The Facts About Pancreatic Cancer
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Every day, cancer affects increasingly more people. And according to the Pancreatic Cancer Action Network¹, over 56,000 more Americans will be diagnosed with pancreatic cancer in the next year, making cancer an ever-growing threat.
Whether you have a family history of pancreatic cancer or are simply thinking about your health, it’s important to be informed about this deadly cancer. Pancreatic cancer is a challenge, but if you know its signs and treatment options, you’ll be informed and prepared.
Early Signs of Pancreatic Cancer
Pancreatic cancer isn’t a cancer that brings plenty of warning signs or alarming symptoms. In fact, this type of cancer grows quietly within the body, producing subtle and unidentifiable signs of its presence – and that makes it an incredibly challenging cancer to diagnose early on.
As the Pancreatic Cancer Action Network² explains, the symptoms of pancreatic cancer are vague and it can seem as though you’re simply experiencing physical changes or other, less serious health issues. You’ll want to be on the lookout for symptoms that include the following:
- Pain in the abdomen or back
- Abdominal bloating
- Digestive issues, like a loss of appetite, indigestion, or frequent nausea
- Jaundice, or yellowed skin or eyes
- Unexplained weight loss
- A change in stool, particularly in texture, smell, or ability to relieve yourself
If you develop pancreatitis or diabetes, you’ll also want to speak with your doctor about these new health conditions. These can be signs of pancreatic cancer, and these illnesses can often go hand-in-hand with bigger issues in the body.
How Pancreatic Cancer Is Diagnosed
If you’re exhibiting any of the symptoms mentioned above, it’s time to figure out whether or not you’re dealing with pancreatic cancer. And in order to get that diagnosis confirmed, you’ll need to visit a doctor.
Make an appointment to speak with your doctor, and together you two can discuss your changes in health and concerning symptoms. If you’re exhibiting any of the above symptoms, your doctor’s first step will likely be to perform diagnostic tests to find evidence of cancer or another medical condition in the body.
These diagnostic tests can include anything from routine blood work to imaging (x-rays, MRIs, or CT scans) to biopsies. Your doctor will use these tests to find any tumors present and hone in on what’s causing your symptoms.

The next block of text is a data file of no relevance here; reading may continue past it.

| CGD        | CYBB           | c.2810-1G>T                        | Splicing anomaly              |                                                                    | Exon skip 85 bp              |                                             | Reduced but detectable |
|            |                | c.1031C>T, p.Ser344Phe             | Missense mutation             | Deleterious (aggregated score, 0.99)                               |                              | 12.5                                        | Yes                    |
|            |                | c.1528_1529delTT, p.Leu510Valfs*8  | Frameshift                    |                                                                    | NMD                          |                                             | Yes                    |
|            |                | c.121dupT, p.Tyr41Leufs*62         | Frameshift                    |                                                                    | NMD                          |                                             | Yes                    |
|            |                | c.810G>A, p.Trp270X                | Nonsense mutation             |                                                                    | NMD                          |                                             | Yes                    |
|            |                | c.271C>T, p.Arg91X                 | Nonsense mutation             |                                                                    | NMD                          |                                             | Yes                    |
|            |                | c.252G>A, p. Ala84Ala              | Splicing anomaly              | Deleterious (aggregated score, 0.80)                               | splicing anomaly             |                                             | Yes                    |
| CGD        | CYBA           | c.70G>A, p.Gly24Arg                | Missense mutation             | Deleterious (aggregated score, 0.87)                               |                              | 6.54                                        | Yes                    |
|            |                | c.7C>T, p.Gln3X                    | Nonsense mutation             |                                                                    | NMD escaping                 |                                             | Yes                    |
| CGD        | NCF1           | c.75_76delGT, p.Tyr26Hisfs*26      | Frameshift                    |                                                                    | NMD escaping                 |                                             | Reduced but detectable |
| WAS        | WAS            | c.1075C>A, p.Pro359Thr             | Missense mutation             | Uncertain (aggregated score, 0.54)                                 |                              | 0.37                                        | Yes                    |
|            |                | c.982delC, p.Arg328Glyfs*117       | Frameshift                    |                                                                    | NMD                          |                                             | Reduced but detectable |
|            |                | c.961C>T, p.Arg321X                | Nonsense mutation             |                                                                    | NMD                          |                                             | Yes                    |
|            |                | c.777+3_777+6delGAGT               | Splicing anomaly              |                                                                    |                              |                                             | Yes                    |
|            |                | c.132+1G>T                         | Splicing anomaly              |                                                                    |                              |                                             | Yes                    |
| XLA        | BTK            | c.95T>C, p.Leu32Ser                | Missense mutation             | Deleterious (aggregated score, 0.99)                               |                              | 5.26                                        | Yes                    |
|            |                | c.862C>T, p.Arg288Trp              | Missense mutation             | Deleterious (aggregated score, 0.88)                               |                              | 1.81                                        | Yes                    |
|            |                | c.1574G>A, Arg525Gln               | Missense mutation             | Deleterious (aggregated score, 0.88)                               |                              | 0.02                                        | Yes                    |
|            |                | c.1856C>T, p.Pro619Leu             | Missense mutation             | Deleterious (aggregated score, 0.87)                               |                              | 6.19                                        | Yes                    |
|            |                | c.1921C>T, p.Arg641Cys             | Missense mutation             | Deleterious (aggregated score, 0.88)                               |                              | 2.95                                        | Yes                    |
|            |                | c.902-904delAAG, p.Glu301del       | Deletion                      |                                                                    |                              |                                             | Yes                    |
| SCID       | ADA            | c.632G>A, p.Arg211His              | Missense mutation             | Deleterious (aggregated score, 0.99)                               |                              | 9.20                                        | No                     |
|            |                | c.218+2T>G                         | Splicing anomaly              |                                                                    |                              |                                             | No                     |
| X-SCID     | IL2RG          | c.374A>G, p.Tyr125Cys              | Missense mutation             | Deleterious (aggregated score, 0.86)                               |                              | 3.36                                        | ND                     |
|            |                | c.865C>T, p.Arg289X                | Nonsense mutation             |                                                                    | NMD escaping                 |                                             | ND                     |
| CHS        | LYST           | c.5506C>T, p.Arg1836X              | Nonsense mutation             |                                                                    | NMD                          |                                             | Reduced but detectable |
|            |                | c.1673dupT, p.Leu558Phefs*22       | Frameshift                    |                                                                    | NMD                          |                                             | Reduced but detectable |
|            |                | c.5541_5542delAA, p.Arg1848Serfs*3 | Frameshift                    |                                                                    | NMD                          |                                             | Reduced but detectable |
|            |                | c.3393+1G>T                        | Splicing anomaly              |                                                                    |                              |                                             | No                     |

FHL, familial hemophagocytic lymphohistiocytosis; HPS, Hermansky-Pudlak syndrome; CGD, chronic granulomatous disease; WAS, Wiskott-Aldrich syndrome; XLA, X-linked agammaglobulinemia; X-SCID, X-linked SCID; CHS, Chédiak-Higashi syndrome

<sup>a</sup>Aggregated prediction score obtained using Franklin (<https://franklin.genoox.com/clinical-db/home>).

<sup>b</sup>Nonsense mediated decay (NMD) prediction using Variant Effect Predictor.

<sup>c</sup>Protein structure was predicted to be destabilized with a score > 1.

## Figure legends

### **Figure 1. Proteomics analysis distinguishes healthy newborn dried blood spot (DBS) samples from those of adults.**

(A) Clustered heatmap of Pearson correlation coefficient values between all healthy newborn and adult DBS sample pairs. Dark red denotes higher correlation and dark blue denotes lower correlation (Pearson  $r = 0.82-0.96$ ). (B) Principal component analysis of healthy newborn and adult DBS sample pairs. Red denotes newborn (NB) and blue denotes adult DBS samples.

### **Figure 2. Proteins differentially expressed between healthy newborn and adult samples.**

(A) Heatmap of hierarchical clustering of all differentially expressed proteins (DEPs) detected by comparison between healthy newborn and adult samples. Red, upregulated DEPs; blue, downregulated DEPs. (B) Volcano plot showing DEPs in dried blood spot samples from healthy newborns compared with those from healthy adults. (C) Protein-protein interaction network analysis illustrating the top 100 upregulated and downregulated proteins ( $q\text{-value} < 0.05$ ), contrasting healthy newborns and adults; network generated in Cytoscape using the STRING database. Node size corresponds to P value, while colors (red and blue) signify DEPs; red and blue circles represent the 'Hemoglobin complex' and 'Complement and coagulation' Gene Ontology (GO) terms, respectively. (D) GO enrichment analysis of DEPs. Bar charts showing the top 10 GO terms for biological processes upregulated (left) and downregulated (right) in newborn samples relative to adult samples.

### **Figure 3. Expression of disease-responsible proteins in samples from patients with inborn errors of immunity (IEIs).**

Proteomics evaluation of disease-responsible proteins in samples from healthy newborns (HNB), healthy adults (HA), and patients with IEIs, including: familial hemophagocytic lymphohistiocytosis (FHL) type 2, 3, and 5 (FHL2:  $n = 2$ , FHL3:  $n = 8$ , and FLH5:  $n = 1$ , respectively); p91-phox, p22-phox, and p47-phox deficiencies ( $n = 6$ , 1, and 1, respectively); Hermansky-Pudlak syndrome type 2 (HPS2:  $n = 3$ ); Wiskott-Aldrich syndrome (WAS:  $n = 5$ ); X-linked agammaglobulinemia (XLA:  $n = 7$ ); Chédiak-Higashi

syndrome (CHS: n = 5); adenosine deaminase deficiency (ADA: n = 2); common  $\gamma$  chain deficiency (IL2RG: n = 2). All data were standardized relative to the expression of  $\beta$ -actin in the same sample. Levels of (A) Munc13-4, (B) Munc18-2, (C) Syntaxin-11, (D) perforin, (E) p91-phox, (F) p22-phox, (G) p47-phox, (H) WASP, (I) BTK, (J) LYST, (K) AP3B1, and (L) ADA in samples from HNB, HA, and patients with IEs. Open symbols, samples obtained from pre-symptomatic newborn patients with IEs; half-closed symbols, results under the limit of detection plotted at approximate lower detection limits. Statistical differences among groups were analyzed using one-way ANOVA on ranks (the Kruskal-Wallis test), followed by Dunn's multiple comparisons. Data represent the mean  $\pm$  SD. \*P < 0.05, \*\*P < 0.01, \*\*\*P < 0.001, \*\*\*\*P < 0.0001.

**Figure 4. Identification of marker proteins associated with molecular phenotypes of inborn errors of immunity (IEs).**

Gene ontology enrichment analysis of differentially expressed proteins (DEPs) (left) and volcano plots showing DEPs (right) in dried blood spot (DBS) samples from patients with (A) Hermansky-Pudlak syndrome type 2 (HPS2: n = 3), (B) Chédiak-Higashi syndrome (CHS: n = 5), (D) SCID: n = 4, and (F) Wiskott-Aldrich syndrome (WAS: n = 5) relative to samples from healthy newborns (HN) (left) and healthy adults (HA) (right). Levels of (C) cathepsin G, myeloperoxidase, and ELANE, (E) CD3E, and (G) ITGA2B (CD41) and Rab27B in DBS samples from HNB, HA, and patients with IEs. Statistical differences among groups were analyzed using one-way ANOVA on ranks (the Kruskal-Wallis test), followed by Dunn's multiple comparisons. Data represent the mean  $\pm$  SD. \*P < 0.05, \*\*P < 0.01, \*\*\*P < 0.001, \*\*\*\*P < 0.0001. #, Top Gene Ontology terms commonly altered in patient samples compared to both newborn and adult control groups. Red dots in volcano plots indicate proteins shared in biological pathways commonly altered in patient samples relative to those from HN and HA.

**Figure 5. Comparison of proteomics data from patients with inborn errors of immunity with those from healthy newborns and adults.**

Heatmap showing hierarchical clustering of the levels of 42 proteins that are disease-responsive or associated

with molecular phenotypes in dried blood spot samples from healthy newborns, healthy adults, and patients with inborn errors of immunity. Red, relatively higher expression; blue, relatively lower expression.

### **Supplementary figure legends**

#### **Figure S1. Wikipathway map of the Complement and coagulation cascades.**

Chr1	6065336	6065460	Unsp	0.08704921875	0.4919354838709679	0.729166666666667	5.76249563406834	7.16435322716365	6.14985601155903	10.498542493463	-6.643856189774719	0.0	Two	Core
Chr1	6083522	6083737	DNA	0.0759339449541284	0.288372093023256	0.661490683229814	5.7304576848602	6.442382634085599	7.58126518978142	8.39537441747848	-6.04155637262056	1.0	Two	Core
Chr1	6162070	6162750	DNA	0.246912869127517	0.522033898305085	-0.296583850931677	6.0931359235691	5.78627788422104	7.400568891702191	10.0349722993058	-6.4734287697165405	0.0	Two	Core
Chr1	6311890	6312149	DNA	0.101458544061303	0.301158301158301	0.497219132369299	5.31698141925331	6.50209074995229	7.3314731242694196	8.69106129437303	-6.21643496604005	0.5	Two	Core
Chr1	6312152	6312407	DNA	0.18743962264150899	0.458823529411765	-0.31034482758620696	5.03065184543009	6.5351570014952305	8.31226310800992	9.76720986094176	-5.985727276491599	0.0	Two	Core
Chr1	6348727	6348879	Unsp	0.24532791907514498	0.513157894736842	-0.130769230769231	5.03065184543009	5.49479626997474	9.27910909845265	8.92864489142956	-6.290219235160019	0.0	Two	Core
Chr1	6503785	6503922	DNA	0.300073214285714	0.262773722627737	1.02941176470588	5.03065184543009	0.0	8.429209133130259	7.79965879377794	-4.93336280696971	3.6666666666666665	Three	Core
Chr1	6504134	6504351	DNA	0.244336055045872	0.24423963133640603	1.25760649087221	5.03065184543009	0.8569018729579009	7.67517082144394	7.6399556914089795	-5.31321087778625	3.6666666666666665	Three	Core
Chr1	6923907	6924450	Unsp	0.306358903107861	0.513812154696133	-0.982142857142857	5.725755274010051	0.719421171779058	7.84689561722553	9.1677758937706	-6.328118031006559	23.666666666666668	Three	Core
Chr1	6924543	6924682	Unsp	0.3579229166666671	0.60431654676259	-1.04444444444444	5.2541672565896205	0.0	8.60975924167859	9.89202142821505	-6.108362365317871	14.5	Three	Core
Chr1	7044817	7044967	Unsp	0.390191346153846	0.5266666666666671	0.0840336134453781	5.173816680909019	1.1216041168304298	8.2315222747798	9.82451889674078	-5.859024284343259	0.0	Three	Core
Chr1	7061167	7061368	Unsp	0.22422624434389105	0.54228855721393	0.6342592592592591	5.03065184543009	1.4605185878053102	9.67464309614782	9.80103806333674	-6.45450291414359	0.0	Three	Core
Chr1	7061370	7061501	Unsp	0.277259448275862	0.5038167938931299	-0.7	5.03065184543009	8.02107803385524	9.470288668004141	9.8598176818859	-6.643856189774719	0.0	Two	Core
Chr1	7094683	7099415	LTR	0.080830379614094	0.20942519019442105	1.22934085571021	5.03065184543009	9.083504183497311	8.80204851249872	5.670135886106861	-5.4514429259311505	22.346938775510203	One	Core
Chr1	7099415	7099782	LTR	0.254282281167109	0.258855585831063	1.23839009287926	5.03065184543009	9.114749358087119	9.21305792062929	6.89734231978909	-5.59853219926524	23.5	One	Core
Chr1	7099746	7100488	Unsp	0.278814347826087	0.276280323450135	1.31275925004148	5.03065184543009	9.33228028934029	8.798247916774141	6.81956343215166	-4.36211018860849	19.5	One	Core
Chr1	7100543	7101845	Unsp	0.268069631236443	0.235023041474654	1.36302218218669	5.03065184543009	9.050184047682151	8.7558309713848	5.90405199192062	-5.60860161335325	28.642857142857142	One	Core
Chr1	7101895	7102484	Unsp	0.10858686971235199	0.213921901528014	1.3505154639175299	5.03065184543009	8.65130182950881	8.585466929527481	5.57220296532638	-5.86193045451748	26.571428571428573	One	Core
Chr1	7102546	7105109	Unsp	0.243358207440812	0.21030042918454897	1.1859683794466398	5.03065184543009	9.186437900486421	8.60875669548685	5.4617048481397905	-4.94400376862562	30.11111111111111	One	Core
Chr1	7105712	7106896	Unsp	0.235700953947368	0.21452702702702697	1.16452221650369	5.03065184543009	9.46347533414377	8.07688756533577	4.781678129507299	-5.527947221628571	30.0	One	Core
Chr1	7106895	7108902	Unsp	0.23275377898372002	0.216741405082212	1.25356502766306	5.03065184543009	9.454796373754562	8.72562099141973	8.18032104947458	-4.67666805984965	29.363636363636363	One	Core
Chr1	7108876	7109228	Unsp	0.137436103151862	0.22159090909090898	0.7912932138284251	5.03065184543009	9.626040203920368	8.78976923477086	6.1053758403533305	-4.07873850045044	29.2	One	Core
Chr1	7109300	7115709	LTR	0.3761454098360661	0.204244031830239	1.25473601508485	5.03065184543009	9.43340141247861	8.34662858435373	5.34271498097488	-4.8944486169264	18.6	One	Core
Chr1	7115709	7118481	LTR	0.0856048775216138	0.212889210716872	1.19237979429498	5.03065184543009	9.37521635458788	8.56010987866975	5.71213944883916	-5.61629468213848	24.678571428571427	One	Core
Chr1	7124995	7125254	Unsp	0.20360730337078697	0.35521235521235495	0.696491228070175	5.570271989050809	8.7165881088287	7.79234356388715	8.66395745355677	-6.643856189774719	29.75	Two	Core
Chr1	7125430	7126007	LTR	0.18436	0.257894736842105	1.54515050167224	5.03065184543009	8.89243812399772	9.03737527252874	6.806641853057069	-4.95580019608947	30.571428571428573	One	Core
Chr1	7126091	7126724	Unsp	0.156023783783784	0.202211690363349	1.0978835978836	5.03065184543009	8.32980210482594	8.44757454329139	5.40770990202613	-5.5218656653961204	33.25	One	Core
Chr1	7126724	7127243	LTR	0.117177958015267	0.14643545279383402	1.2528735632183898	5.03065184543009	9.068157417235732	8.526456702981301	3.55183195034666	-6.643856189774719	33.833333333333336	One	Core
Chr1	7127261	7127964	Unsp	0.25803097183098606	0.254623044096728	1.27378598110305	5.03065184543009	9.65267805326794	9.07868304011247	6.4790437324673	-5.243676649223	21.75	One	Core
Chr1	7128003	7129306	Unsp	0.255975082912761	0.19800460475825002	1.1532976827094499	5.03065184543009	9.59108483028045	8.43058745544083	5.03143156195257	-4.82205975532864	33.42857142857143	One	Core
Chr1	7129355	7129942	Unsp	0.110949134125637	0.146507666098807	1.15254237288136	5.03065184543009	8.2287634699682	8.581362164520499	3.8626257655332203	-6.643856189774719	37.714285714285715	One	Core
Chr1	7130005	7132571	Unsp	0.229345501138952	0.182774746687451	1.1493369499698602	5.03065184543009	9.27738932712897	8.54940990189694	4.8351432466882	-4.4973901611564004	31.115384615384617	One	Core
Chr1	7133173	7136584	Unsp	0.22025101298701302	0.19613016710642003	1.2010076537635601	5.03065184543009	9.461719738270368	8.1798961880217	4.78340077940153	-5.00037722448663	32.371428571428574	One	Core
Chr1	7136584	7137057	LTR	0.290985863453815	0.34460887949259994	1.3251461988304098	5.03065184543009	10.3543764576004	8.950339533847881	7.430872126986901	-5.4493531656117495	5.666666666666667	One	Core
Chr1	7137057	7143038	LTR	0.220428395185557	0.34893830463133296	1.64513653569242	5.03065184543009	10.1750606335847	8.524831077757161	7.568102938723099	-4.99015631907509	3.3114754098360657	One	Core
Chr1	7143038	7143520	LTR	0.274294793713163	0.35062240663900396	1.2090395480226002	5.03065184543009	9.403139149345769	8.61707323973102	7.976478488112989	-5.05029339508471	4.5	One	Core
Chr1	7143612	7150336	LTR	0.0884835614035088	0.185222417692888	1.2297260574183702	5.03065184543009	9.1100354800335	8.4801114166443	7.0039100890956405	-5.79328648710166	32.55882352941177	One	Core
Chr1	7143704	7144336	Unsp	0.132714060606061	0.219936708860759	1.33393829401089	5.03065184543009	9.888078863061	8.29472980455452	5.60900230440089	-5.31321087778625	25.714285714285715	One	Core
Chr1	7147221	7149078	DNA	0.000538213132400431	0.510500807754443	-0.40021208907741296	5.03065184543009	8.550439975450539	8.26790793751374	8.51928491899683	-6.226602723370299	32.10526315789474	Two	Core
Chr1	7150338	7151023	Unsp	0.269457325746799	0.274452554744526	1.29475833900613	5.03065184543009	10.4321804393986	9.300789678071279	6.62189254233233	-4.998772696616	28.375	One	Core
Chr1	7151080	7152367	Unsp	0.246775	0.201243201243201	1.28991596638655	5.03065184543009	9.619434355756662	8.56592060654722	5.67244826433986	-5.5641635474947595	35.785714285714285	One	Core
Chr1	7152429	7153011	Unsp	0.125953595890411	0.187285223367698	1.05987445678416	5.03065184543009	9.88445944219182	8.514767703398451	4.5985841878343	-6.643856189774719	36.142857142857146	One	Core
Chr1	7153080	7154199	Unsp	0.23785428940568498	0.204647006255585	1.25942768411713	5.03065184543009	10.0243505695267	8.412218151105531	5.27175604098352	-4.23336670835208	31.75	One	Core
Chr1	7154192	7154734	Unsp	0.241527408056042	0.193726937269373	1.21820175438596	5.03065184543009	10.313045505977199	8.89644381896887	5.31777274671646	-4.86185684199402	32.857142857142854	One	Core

It’s important to take action early when it comes to pancreatic cancer. As the American Cancer Society³ notes, pancreatic cancer is very difficult to find and diagnose when in its early stages. This is because pancreatic cancer doesn’t typically present any symptoms until the cancer has spread or become very large. And there are no routine screenings that can be done for pancreatic cancer – you’ll need symptoms to become present in order to narrow down a pancreatic problem.
Treatment Options for Pancreatic Cancer
Once it’s been confirmed that pancreatic cancer is what’s causing your symptoms, your doctor will be ready to discuss potential treatment options with you. And in order to determine which treatment options may be most successful, you’ll need to know which specific type of pancreatic cancer you’ve been diagnosed with.
The American Cancer Society⁴ reports that there are the following types of pancreatic cancer, which can develop and progress into different stages:
- Exocrine pancreatic cancer (the most common form of pancreatic cancer)
- Pancreatic adenocarcinoma
- Adenosquamous carcinomas
- Squamous cell carcinomas
- Signet ring carcinomas
- Ampullary cancer
Each of these types of pancreatic cancer occur in different areas within the pancreas, which helps doctors determine your treatment plan. Commonly, there are a few different options used for pancreatic cancer.
Surgery is a very common treatment option for pancreatic cancer. Each surgery is different, depending on the location and size of any tumors, but the process often includes removing portions of the pancreas or the entire organ.
Chemotherapy is a form of drug therapy that’s used to kill cancer cells. Chemotherapy drugs are either injected or taken orally, and this treatment option is usually performed in combination with other treatments like surgery and radiation. Over time, it can shrink tumors and eliminate cancerous cell growth.
Radiation therapy can also destroy cancer cells. Radiation is often performed before or after cancer surgery, and it’s commonly used in combination with other treatments like chemotherapy. Radiation can be directed to specific areas of the body, but it’s noninvasive and can be done much like an x-ray.
Palliative care is also used for patients with pancreatic cancer. In addition to undergoing treatments that are meant to remove, stop the growth of, and prevent cancerous cells and tumors, you’ll also need care and treatment for the symptoms caused by pancreatic cancer. As you deal with your everyday life and the effects of your treatments, you’ll work with palliative care specialists who can help you find relief from pain and soothe your symptoms using medication and other palliative options that make you more comfortable.
Ultimately, if you know the facts about pancreatic cancer, you’ll be better prepared to catch this disease as early as possible. While it’s difficult to find and diagnose in its early stages, being informed about pancreatic cancer can increase your odds of catching it when the symptoms first begin appearing to improve prognosis.